Mies conceived the building as an indoor-outdoor architectural shelter simultaneously independent of and intertwined with nature. Mies did not build on the upland or sloped portions of the site, choosing instead to tempt the dangerous forces nature by building on the flood plain near the rivers edge. The enclosed space and a screened porch are elevated five feet on a raised floor platform, just slightly above the 100 year flood level, with a large intermediate terrace level. The house has flooded above the living level floor level twice, in 1956 and 1996, causing significant damage to utilities, wood veneers, glass and to furnishings. The house was threatened again in 2007, with curators rescuing invaluable furniture by boat.
The House has an distinctly independant personality, yet also evokes strong feelings of a connection to the land. The levels of the platforms restate the multiple levels of the site, in a kind of poetic architectural rhyme, not unlike the horizontal balconies and rocks do at Wright's Fallingwater. The house is anchored to the site in the cooling shadow of a large and majestic black maple tree. As Mies often did, the entrance is located on the sunny side, facing the river instead of the street, moving visitors around corners and revealing views of the house and site from various angles as they approach the front door. The simple elongated cubic form of the house is parallel to the flow of the river, and the terrace platform is slipped downstream in relation to the elevated porch and living platform. Outdoor living spaces are extensions of the indoor space, with a screened porch (screens now gone) and open terrace. Yet the manmade always remains clearly distinct from the natural by it's geometric forms, highlighted by the choice of white as its primary color.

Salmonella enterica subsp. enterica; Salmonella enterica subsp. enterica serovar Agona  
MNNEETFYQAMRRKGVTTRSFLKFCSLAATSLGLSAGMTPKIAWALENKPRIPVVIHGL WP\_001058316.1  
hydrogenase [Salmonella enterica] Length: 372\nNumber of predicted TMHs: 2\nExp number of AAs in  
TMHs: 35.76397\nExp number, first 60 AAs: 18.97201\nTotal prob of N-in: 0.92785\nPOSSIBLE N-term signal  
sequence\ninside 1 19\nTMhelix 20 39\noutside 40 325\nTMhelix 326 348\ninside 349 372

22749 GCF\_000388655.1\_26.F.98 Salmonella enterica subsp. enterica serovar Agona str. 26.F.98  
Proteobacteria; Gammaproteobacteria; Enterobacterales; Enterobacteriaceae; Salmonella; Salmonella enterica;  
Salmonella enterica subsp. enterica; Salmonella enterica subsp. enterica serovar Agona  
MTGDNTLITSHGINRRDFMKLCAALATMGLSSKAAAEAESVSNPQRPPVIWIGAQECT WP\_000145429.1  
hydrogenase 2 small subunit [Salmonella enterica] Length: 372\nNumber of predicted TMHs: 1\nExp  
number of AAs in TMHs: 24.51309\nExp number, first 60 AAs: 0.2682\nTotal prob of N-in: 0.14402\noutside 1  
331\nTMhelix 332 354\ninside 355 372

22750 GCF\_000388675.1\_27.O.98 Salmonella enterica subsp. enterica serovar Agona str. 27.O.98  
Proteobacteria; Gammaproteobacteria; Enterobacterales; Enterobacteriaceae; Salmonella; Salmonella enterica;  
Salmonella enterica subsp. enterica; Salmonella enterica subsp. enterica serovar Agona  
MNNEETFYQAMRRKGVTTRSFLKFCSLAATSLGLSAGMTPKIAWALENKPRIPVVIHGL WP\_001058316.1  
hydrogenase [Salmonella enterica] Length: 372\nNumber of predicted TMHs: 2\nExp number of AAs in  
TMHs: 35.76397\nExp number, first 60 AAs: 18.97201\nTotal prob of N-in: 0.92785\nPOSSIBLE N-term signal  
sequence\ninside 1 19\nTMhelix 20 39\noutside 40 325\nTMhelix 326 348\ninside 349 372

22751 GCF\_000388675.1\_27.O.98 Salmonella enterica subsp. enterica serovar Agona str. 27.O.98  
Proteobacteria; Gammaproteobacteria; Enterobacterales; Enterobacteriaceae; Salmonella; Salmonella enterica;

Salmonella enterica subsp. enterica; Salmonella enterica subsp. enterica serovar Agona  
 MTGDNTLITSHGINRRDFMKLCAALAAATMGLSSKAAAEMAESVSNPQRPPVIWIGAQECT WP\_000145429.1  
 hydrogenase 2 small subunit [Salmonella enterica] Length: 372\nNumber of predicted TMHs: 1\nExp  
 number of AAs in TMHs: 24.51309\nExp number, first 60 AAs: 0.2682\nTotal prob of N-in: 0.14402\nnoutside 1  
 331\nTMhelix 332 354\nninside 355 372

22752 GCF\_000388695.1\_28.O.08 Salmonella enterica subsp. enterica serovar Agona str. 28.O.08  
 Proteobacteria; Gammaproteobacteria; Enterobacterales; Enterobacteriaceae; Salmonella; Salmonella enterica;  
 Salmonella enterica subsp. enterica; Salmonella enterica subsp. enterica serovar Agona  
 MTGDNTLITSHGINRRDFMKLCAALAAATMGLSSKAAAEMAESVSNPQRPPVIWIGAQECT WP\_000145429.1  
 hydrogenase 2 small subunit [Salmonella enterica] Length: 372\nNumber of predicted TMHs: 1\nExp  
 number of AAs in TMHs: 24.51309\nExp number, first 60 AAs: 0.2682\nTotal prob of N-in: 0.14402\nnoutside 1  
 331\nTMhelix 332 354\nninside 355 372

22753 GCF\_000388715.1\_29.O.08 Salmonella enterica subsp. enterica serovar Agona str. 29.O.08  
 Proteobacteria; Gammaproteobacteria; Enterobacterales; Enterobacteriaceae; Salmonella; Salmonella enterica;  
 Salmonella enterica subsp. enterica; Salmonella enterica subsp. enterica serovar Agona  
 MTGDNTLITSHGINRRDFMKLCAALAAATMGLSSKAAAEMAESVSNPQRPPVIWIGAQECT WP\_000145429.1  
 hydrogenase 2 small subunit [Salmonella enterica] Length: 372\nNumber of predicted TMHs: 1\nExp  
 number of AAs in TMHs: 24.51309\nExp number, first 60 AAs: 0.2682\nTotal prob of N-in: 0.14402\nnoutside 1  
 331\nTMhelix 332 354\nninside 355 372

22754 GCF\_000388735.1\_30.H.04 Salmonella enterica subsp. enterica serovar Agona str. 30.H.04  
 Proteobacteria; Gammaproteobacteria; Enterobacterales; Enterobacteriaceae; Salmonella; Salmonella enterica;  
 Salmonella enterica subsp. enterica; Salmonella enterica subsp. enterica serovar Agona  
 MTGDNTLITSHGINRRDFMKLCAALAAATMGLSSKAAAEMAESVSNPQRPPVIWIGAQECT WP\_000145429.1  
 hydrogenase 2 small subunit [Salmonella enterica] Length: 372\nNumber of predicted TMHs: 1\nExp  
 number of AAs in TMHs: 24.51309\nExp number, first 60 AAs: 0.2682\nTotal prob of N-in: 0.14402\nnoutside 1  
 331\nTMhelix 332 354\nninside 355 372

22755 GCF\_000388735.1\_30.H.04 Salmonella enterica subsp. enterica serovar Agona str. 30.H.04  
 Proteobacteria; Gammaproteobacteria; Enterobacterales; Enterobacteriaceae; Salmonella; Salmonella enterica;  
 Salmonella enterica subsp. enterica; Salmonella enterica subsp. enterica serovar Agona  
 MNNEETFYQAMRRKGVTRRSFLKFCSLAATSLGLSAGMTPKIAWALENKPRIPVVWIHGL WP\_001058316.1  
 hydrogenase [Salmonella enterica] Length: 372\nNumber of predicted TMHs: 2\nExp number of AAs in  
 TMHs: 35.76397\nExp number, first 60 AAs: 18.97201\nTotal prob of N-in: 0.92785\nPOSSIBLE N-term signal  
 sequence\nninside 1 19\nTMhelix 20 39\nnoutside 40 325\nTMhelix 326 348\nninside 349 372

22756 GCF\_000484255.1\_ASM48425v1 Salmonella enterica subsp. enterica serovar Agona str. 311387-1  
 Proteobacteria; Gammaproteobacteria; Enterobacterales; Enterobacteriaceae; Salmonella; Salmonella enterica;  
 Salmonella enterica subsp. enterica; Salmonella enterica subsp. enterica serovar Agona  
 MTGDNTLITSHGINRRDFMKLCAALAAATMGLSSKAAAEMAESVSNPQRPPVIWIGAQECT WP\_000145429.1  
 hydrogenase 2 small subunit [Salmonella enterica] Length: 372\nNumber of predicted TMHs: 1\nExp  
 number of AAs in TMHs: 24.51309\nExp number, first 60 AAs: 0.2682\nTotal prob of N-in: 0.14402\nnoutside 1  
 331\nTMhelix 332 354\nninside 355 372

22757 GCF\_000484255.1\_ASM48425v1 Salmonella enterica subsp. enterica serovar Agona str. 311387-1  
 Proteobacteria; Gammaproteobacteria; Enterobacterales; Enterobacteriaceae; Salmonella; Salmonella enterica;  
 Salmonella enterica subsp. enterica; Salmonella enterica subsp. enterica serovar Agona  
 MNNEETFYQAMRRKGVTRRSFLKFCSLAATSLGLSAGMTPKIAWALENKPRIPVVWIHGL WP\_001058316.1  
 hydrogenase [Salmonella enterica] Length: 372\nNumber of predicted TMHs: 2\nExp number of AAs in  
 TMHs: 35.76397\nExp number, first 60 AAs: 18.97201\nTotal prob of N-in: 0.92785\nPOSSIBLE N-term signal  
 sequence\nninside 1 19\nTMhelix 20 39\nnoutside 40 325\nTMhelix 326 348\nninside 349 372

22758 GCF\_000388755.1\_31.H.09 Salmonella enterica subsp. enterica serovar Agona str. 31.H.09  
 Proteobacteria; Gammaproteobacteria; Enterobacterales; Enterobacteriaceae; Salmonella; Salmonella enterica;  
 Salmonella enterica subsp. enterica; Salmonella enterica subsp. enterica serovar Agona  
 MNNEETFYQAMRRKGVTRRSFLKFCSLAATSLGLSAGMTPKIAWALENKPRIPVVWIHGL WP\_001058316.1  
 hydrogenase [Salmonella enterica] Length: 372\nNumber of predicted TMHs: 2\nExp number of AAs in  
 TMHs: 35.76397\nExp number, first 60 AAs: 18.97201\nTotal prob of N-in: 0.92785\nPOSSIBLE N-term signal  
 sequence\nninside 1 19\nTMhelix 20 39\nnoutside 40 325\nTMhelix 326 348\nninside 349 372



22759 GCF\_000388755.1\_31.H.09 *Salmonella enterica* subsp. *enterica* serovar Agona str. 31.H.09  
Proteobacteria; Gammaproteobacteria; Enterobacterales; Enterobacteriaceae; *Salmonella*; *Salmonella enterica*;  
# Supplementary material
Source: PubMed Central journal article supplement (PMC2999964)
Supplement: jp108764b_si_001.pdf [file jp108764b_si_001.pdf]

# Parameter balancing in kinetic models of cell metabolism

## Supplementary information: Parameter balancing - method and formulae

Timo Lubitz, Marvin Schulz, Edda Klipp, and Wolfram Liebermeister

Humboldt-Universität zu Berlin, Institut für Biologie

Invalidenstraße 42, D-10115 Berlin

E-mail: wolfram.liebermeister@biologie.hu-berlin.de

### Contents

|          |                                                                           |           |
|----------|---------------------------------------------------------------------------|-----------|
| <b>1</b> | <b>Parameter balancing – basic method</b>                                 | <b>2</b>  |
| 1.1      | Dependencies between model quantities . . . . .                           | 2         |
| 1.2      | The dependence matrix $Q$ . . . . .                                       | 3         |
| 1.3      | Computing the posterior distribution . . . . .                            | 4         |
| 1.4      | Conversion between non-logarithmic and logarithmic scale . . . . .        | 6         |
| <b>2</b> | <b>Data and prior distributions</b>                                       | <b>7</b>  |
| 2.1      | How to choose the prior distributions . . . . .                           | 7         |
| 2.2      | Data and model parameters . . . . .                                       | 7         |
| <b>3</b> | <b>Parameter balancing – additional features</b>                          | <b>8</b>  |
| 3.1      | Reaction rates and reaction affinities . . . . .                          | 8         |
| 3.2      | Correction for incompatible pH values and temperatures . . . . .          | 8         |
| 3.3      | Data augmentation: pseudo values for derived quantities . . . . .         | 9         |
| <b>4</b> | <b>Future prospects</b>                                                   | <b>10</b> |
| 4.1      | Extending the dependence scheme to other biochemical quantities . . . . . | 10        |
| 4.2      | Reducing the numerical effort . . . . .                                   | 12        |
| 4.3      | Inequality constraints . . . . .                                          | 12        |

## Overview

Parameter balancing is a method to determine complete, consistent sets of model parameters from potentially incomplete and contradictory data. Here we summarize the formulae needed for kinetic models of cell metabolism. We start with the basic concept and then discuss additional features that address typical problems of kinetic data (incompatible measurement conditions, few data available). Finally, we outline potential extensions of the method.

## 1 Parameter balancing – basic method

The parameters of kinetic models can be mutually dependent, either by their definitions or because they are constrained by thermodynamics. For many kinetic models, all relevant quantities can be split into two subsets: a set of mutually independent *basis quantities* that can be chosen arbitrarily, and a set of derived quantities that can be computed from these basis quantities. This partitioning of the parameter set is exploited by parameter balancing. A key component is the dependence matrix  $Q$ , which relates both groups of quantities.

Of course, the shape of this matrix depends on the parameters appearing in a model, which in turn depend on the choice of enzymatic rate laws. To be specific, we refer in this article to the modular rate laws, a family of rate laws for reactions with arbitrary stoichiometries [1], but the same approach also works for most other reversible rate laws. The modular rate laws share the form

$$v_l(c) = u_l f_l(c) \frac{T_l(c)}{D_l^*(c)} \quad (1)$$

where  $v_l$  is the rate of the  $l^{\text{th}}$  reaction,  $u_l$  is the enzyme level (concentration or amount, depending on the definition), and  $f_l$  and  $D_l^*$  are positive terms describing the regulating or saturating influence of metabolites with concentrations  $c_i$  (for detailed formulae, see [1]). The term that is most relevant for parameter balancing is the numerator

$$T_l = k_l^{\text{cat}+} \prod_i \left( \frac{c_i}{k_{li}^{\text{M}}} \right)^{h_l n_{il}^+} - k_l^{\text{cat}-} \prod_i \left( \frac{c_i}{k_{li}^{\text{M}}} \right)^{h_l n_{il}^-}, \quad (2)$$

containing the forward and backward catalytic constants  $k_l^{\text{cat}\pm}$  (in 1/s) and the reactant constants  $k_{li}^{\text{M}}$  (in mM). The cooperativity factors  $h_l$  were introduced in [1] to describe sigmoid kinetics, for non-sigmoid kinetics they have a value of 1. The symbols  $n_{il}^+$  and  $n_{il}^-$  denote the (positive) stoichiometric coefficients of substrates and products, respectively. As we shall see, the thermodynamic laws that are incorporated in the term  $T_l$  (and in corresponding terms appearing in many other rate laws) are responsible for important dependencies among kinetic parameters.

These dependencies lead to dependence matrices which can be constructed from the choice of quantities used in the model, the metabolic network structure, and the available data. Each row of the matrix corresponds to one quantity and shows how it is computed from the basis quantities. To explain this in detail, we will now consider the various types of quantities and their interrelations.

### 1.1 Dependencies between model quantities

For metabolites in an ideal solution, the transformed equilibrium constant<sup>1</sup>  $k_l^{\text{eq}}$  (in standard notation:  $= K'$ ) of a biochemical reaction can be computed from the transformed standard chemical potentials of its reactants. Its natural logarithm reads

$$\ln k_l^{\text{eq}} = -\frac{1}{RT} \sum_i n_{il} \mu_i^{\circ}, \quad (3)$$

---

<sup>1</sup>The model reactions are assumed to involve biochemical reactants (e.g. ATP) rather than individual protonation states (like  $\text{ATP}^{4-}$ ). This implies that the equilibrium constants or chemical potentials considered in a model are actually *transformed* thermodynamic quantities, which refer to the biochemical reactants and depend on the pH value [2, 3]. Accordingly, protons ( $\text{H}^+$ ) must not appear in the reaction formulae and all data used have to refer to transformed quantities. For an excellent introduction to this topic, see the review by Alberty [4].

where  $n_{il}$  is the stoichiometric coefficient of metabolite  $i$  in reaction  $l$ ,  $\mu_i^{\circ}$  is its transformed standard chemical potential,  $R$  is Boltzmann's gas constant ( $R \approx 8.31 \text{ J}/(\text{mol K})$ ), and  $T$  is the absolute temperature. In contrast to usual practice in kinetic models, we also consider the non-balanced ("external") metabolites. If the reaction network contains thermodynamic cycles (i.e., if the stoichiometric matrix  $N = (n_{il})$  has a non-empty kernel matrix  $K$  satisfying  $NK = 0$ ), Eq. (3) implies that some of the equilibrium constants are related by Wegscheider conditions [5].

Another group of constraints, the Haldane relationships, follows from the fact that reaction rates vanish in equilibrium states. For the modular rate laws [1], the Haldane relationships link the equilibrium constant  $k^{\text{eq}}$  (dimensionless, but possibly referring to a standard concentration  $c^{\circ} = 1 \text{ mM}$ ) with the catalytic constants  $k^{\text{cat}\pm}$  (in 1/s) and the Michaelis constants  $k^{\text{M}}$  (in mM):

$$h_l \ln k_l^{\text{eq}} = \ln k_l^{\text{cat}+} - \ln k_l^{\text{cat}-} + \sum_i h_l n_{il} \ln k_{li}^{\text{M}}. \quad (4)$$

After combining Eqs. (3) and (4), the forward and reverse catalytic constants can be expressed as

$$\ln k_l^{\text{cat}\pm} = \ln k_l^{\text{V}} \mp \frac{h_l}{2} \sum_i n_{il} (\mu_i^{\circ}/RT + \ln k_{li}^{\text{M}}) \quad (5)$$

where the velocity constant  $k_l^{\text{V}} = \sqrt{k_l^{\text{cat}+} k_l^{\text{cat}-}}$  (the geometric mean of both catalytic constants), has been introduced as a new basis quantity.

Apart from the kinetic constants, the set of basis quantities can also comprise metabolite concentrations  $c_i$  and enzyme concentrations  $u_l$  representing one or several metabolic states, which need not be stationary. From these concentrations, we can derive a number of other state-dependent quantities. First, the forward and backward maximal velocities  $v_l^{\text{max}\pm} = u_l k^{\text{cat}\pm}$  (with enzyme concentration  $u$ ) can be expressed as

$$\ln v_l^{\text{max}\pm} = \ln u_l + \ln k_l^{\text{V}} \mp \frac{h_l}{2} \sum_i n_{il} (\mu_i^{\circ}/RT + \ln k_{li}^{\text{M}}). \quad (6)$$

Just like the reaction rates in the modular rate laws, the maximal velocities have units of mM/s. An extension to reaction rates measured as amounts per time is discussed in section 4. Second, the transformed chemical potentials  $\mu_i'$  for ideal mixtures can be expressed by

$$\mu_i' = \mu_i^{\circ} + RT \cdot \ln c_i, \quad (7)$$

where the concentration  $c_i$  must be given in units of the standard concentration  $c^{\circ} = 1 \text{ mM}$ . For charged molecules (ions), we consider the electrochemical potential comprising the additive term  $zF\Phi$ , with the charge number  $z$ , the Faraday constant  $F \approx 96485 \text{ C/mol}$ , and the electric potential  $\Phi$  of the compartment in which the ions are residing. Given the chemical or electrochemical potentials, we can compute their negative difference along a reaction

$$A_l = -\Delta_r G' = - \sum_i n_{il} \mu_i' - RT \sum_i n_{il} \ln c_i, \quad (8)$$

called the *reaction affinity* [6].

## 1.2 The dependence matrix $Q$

The building design received accolades in the architectural press, resulting in swarms of uninvited visitors trespassing on the property to glimpse this latest Mies building. But as a result of the accusations contained in Edith Farnsworth’s lawsuit, the house became a prop in the larger national social conflicts of the McCarthy era. The weekend house became a lightning rod for anti-modernist publications, exemplified in the April 1953 issue of House Beautiful, which attacked it as a communist inspired effort to supplant traditional American styles. Even Frank Lloyd Wright denounced the house along with the Bauhaus and International Style as un-American.